Circum-Pacific Suspect Terranes and Lost Microcontinents: Chip off the Old Blocks

Organization: The Australasian Institute of Mining and Metallurgy
Pages: 4
Publication Date: Jan 1, 1987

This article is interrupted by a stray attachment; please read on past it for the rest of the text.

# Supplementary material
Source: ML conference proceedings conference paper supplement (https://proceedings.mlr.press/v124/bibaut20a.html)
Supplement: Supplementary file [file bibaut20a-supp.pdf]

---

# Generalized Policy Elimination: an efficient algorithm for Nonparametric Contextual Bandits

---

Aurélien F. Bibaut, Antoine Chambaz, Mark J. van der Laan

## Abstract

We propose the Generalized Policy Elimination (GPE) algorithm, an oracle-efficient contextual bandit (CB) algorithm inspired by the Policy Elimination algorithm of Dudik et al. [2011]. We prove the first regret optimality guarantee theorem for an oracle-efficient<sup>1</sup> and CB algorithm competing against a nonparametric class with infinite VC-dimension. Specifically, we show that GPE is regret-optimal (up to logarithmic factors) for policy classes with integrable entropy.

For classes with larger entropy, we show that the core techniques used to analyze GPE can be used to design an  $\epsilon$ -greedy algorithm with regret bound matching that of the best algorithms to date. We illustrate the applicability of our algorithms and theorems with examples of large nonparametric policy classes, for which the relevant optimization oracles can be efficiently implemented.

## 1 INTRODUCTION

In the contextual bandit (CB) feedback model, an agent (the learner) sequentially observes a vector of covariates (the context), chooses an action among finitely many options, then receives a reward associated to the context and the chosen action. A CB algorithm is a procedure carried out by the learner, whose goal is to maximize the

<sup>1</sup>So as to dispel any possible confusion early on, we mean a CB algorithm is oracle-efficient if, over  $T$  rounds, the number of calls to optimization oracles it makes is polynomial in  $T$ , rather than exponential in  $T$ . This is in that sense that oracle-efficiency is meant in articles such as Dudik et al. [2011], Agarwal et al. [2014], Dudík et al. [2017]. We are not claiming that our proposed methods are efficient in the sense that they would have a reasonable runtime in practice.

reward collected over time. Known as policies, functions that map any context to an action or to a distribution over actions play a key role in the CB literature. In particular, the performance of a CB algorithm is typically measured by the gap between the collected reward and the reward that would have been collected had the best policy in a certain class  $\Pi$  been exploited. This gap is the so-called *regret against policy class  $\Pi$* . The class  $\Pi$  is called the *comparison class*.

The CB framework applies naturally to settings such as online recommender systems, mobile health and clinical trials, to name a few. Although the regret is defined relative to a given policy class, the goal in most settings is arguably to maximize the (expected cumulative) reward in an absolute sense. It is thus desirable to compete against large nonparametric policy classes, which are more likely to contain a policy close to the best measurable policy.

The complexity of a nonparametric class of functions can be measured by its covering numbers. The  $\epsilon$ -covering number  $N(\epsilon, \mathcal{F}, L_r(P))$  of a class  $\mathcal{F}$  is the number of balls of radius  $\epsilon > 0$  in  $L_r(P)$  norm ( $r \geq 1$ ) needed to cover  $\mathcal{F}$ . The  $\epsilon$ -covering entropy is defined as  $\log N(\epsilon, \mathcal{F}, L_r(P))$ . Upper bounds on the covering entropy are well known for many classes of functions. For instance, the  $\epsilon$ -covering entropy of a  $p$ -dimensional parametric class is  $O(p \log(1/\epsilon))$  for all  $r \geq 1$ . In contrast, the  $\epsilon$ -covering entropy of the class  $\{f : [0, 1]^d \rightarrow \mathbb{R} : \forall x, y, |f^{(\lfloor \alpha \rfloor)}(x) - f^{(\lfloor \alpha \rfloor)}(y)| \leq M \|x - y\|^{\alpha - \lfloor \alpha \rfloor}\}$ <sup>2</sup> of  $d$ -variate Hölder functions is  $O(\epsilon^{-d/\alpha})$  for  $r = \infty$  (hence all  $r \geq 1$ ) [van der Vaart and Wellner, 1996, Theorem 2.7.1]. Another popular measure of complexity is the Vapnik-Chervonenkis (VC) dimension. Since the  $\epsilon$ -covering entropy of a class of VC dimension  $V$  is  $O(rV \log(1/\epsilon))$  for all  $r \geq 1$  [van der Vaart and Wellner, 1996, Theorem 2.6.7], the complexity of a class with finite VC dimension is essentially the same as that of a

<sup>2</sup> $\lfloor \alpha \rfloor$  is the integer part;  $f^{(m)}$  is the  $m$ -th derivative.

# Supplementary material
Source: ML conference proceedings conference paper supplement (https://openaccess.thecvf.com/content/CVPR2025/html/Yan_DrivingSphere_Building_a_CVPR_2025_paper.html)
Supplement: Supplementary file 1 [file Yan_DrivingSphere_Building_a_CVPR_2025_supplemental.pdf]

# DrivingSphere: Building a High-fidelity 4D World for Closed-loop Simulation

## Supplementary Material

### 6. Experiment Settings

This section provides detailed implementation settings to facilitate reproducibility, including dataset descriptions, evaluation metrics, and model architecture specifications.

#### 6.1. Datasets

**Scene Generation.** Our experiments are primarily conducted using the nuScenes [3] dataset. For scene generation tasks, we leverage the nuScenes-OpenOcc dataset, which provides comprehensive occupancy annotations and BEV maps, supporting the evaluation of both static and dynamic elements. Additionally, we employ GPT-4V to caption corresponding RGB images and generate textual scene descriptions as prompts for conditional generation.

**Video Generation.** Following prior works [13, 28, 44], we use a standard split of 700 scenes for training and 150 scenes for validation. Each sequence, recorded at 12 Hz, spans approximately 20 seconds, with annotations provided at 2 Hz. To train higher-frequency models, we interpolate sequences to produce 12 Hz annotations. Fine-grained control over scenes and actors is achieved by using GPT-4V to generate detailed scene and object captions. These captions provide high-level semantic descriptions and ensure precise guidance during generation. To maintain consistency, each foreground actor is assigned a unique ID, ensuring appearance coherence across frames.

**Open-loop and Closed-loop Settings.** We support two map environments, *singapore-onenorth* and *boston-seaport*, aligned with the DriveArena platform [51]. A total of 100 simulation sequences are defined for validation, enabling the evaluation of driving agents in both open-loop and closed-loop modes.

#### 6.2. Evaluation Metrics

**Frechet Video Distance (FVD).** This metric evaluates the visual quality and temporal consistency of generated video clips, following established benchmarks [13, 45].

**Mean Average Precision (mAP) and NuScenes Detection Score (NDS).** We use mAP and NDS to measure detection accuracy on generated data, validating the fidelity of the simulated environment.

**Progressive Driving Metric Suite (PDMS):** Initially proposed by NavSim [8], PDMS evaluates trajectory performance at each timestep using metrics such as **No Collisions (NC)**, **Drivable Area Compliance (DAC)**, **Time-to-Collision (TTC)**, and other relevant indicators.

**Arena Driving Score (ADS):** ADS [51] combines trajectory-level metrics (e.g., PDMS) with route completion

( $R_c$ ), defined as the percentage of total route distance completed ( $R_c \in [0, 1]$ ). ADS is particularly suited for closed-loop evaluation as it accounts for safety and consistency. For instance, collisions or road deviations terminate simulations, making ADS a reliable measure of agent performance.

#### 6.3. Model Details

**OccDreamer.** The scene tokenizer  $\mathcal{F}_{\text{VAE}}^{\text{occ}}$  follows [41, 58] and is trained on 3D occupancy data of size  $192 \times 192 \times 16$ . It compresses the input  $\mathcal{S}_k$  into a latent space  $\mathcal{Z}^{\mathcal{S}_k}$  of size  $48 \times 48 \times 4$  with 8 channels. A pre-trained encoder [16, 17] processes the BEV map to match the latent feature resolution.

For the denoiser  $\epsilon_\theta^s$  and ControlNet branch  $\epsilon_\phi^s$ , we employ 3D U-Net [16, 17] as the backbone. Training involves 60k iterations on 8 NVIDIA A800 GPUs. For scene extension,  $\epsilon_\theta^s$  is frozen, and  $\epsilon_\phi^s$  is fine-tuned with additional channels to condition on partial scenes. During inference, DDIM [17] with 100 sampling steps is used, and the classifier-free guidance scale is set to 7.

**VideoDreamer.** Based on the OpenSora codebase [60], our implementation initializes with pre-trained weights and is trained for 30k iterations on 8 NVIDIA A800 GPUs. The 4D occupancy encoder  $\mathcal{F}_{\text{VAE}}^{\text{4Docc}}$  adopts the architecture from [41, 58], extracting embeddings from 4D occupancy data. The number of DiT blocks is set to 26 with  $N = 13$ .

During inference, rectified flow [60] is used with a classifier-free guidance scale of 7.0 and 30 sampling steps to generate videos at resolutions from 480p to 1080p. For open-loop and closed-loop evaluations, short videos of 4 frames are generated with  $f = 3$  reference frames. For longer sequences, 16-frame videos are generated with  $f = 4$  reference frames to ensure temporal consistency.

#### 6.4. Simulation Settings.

A number of terrane reconstructions conflict with global plate histories or with data from adjacent regional studies. Paleogeographic maps have ignored terranes thus are over-simplified. This paper represents an attempt to "marry" Mesozoic global plate reconstructions and terrane analysis to produce examples of a "third generation" of global plate tectonic maps. The best approach to global terrane analysis involves intercomparison of all regional data and the evolving global model. Data conflicts within and between terranes and regions must be resolved by a system of relative data reliability "weighting." The most reliable and useful data are those which constrain "departure" (rift) and "arrival" (collision) times. Certain ad hoc decisions aid in the analysis (e.g. only one net vector allowed per plate). The maps that follow summarize Early Mesozoic global tectonic history at three critical junctures: 240 MA (Triassic); 180 MA (Jurassic); and 120 MA (Cretaceous). Due to space limitations, maps drawn at 20 m.y. intervals appear elsewhere. A preliminary Middle Triassic reconstruction is presented in Figure 1. Major plates and continental blocks are labeled; smaller blocks are marked with abbreviations. Examination of Figure 1 indicates the necessity of modeling Triassic tectonics with at least 68 blocks. Spalling- off of microcontinental slivers from Gondwanaland is active some 70 m.y. before the actual breakup of the supercontinent. In the SW sector of the Pacific, the Australian margins were embroidered with several terranes (e.g. Sumba) which eventually rifted away and crossed Tethys. The NW sector at this time included 10 microcontinental chips forming a huge archipelago along the Asian margin. All blocks inboard of Indochina collided by latest Triassic. Terranes of the NE sector include several (e.g. Arctic Alaska) along the North American margin, and at least six large blocks (e.g. Stikinia) drifting SE with the Farallon Plate. The SE sector
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